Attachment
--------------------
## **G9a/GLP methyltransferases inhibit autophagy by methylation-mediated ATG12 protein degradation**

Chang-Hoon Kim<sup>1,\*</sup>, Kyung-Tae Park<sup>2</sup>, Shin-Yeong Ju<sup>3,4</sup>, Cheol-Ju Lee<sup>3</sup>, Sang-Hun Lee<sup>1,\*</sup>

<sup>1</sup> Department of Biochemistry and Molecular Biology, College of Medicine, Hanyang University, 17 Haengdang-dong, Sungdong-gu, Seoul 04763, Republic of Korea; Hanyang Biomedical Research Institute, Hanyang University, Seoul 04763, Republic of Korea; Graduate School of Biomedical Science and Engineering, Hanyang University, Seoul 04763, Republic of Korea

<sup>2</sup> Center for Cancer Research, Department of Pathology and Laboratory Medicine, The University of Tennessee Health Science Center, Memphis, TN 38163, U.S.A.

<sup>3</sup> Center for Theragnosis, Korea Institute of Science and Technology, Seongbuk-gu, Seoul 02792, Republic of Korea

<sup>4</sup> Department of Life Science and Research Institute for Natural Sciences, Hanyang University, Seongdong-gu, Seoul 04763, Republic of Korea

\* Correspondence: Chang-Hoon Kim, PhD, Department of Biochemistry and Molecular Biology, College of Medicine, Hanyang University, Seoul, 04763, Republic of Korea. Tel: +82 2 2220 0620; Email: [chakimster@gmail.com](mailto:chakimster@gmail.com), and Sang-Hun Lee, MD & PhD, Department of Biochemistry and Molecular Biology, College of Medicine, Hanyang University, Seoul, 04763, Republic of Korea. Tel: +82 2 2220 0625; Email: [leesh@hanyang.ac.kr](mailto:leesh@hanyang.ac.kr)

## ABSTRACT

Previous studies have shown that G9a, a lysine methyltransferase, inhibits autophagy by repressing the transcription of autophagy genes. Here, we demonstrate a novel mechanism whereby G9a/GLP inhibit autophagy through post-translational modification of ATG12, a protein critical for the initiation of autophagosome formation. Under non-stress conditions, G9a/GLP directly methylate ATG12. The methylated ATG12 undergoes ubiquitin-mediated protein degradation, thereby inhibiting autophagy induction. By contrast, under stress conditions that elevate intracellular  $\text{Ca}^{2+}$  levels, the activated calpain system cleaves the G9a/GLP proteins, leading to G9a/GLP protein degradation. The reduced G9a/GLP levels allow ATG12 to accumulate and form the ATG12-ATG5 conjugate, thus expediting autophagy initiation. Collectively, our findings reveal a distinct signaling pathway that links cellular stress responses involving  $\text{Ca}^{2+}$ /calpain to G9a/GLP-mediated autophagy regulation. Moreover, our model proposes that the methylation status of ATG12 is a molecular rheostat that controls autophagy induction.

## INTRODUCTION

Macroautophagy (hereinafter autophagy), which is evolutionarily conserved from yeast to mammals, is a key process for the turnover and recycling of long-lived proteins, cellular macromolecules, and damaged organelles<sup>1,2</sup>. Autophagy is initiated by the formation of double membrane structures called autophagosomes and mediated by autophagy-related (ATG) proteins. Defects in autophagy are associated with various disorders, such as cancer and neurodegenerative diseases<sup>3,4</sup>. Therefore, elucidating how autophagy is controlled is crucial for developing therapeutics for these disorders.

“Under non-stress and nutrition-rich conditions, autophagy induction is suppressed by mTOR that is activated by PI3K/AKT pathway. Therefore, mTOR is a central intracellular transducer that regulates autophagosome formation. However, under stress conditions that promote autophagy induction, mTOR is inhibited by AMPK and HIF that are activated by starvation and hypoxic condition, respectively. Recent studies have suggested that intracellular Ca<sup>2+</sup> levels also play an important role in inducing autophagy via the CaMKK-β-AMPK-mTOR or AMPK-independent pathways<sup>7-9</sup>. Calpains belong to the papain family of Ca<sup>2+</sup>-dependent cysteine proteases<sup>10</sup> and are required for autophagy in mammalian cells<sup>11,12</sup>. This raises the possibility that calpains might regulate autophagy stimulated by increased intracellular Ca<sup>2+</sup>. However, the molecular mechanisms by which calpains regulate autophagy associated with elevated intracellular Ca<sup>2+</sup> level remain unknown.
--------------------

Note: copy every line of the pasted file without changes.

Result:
## **G9a/GLP methyltransferases inhibit autophagy by methylation-mediated ATG12 protein degradation**

Chang-Hoon Kim<sup>1,\*</sup>, Kyung-Tae Park<sup>2</sup>, Shin-Yeong Ju<sup>3,4</sup>, Cheol-Ju Lee<sup>3</sup>, Sang-Hun Lee<sup>1,\*</sup>

<sup>1</sup> Department of Biochemistry and Molecular Biology, College of Medicine, Hanyang University, 17 Haengdang-dong, Sungdong-gu, Seoul 04763, Republic of Korea; Hanyang Biomedical Research Institute, Hanyang University, Seoul 04763, Republic of Korea; Graduate School of Biomedical Science and Engineering, Hanyang University, Seoul 04763, Republic of Korea

<sup>2</sup> Center for Cancer Research, Department of Pathology and Laboratory Medicine, The University of Tennessee Health Science Center, Memphis, TN 38163, U.S.A.

<sup>3</sup> Center for Theragnosis, Korea Institute of Science and Technology, Seongbuk-gu, Seoul 02792, Republic of Korea

<sup>4</sup> Department of Life Science and Research Institute for Natural Sciences, Hanyang University, Seongdong-gu, Seoul 04763, Republic of Korea

\* Correspondence: Chang-Hoon Kim, PhD, Department of Biochemistry and Molecular Biology, College of Medicine, Hanyang University, Seoul, 04763, Republic of Korea. Tel: +82 2 2220 0620; Email: [chakimster@gmail.com](mailto:chakimster@gmail.com), and Sang-Hun Lee, MD & PhD, Department of Biochemistry and Molecular Biology, College of Medicine, Hanyang University, Seoul, 04763, Republic of Korea. Tel: +82 2 2220 0625; Email: [leesh@hanyang.ac.kr](mailto:leesh@hanyang.ac.kr)

## ABSTRACT

Previous studies have shown that G9a, a lysine methyltransferase, inhibits autophagy by repressing the transcription of autophagy genes. Here, we demonstrate a novel mechanism whereby G9a/GLP inhibit autophagy through post-translational modification of ATG12, a protein critical for the initiation of autophagosome formation. Under non-stress conditions, G9a/GLP directly methylate ATG12. The methylated ATG12 undergoes ubiquitin-mediated protein degradation, thereby inhibiting autophagy induction. By contrast, under stress conditions that elevate intracellular  $\text{Ca}^{2+}$  levels, the activated calpain system cleaves the G9a/GLP proteins, leading to G9a/GLP protein degradation. The reduced G9a/GLP levels allow ATG12 to accumulate and form the ATG12-ATG5 conjugate, thus expediting autophagy initiation. Collectively, our findings reveal a distinct signaling pathway that links cellular stress responses involving  $\text{Ca}^{2+}$ /calpain to G9a/GLP-mediated autophagy regulation. Moreover, our model proposes that the methylation status of ATG12 is a molecular rheostat that controls autophagy induction.

## INTRODUCTION

Macroautophagy (hereinafter autophagy), which is evolutionarily conserved from yeast to mammals, is a key process for the turnover and recycling of long-lived proteins, cellular macromolecules, and damaged organelles<sup>1,2</sup>. Autophagy is initiated by the formation of double membrane structures called autophagosomes and mediated by autophagy-related (ATG) proteins. Defects in autophagy are associated with various disorders, such as cancer and neurodegenerative diseases<sup>3,4</sup>. Therefore, elucidating how autophagy is controlled is crucial for developing therapeutics for these disorders.

“Under non-stress and nutrition-rich conditions, autophagy induction is suppressed by mTOR that is activated by PI3K/AKT pathway. Therefore, mTOR is a central intracellular transducer that regulates autophagosome formation. However, under stress conditions that promote autophagy induction, mTOR is inhibited by AMPK and HIF that are activated by starvation and hypoxic condition, respectively. Recent studies have suggested that intracellular Ca<sup>2+</sup> levels also play an important role in inducing autophagy via the CaMKK-β-AMPK-mTOR or AMPK-independent pathways<sup>7-9</sup>. Calpains belong to the papain family of Ca<sup>2+</sup>-dependent cysteine proteases<sup>10</sup> and are required for autophagy in mammalian cells<sup>11,12</sup>. This raises the possibility that calpains might regulate autophagy stimulated by increased intracellular Ca<sup>2+</sup>. However, the molecular mechanisms by which calpains regulate autophagy associated with elevated intracellular Ca<sup>2+</sup> level remain unknown.